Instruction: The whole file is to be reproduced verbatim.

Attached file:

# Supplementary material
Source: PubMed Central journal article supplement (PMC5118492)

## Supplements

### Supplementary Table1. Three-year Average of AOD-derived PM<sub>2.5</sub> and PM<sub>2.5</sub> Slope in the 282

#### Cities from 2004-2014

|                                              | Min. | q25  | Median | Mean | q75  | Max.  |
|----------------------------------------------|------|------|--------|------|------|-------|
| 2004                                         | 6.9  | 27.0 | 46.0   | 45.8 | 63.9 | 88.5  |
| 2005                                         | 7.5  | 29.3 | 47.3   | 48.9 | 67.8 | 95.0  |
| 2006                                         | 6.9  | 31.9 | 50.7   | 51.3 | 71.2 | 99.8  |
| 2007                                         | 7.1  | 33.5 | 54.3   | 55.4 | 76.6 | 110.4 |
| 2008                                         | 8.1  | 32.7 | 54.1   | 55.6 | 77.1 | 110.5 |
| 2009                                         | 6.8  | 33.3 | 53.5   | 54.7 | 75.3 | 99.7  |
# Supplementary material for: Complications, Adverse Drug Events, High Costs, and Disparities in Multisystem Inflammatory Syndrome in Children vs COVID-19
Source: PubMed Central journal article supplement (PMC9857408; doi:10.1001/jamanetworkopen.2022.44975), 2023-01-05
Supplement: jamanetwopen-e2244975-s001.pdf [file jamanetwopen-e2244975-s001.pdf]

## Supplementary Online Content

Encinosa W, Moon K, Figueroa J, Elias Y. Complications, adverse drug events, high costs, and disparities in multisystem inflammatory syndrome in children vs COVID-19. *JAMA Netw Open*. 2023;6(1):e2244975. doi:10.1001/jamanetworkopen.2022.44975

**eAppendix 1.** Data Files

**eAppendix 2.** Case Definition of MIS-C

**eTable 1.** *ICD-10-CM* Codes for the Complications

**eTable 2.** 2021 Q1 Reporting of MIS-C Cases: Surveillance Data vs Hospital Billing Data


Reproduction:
# Supplementary material
Source: PubMed Central journal article supplement (PMC5118492)

## Supplements

### Supplementary Table1. Three-year Average of AOD-derived PM<sub>2.5</sub> and PM<sub>2.5</sub> Slope in the 282

#### Cities from 2004-2014

|                                              | Min. | q25  | Median | Mean | q75  | Max.  |
|----------------------------------------------|------|------|--------|------|------|-------|
| 2004                                         | 6.9  | 27.0 | 46.0   | 45.8 | 63.9 | 88.5  |
| 2005                                         | 7.5  | 29.3 | 47.3   | 48.9 | 67.8 | 95.0  |
| 2006                                         | 6.9  | 31.9 | 50.7   | 51.3 | 71.2 | 99.8  |
| 2007                                         | 7.1  | 33.5 | 54.3   | 55.4 | 76.6 | 110.4 |
| 2008                                         | 8.1  | 32.7 | 54.1   | 55.6 | 77.1 | 110.5 |
| 2009                                         | 6.8  | 33.3 | 53.5   | 54.7 | 75.3 | 99.7  |
# Supplementary material for: Complications, Adverse Drug Events, High Costs, and Disparities in Multisystem Inflammatory Syndrome in Children vs COVID-19
Source: PubMed Central journal article supplement (PMC9857408; doi:10.1001/jamanetworkopen.2022.44975), 2023-01-05
Supplement: jamanetwopen-e2244975-s001.pdf [file jamanetwopen-e2244975-s001.pdf]

## Supplementary Online Content

Encinosa W, Moon K, Figueroa J, Elias Y. Complications, adverse drug events, high costs, and disparities in multisystem inflammatory syndrome in children vs COVID-19. *JAMA Netw Open*. 2023;6(1):e2244975. doi:10.1001/jamanetworkopen.2022.44975

**eAppendix 1.** Data Files

**eAppendix 2.** Case Definition of MIS-C

**eTable 1.** *ICD-10-CM* Codes for the Complications

**eTable 2.** 2021 Q1 Reporting of MIS-C Cases: Surveillance Data vs Hospital Billing Data